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Financial Planning > UHNW Client Services > Family Office News

5 ways you can build client relationships with blended families

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It was a Thursday night in July, when I got the call. I was only 21 years old at the time and had been up in Grand Rapids, Mich., all week studying to take my Series 7 securities exam to start my career in financial services. 

It was one of my dad’s friends calling to tell me that my father had just passed away of a sudden heart attack. That four hour drive home was the hardest drive I had ever made. At one point, I pulled over on the highway to get sick, as I grieved and tried to take in the moment and shock of my loss. 

Weeks later, after laying my father to rest, we met with his current financial advisor. A decision among the group was made after that first meeting that we would each go our separate ways and leave the current advisor.

A few years earlier, while I was in my teens, my parents had gotten a divorce and, later, both remarried. Both families had children from previous marriages, so we became a blended family, like many American families today.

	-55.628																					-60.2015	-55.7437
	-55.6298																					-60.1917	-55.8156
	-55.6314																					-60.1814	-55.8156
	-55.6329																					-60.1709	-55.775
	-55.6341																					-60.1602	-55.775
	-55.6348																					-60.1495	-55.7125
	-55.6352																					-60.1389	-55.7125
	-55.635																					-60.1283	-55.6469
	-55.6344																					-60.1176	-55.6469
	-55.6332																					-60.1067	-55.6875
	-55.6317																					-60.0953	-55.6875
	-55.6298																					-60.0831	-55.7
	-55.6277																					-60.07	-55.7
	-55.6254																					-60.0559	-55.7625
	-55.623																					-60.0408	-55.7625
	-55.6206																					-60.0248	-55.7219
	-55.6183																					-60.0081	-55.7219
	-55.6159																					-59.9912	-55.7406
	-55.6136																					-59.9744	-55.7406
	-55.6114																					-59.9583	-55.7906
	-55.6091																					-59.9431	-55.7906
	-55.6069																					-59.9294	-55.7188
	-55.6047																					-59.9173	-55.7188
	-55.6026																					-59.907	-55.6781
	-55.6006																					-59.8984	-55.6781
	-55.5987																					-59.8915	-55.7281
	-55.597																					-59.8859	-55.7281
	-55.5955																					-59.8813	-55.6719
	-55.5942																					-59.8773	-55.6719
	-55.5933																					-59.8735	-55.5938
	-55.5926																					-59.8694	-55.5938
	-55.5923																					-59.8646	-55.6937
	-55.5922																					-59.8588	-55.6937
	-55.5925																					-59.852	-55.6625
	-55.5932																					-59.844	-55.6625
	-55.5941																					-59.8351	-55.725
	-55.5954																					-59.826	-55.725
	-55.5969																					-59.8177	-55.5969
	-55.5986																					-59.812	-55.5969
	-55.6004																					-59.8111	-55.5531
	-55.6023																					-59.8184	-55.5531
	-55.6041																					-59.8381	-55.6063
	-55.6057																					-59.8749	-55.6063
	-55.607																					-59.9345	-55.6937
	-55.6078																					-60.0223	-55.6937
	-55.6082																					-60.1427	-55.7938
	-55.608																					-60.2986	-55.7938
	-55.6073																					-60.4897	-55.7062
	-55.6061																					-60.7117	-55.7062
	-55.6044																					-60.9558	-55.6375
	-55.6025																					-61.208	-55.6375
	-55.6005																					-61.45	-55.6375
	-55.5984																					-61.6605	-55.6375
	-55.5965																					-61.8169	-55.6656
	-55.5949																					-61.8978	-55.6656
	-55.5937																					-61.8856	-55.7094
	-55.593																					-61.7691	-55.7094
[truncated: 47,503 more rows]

My father, mother, and my first mentor, Mike Johnson, had taught me a lot about saving and investing up to that point. Dad lived by those principals and had worked hard to be financially responsible and plan ahead.

Being from a blended family, I learned a lot about the unique dynamics of dealing with a loss of a loved one and have learned first-hand the financial affairs and challenges that can happen along the way. 

Now, as a financial professional for over 20 years who deals with similar situations with clients, several specific steps can be taken so other advisors don’t have to suddenly lose all the assets and can instead gain new relationships with their clients’ blended families.      

Looking back on my own situation, as a beneficiary, what went wrong? It was the 90s so it is safe to say my dad’s investment account performance was great. The problem was that the whole process of meeting with his financial advisor was awkward for us. I don’t think the advisor really knew how to keep and grow the client relationship after his clients passed away. So, the advisor simply lost all the assets. 

As a financial professional, I think I learned a lot from my personal experience with my family and with helping many families in similar situations. In most cases, I would say that not only have I been able to continue to be their advisor most of the time, but many of the other family members have also become clients of our firm. We have been able to achieve this by building a relationship right away with family members and being a resource in the time of need.

Here is how it can be done:    

1. An advisor should be proactive on building a relationship with as many family members of a client as soon as possible.

That does not mean the advisor needs to manage the finances of all the family members, although that can be a big advantage. There is a big difference in the planning that a 65-year-old needs versus their 20-year-old grandchild. Know what you are good at and don’t worry about being the master of every generation.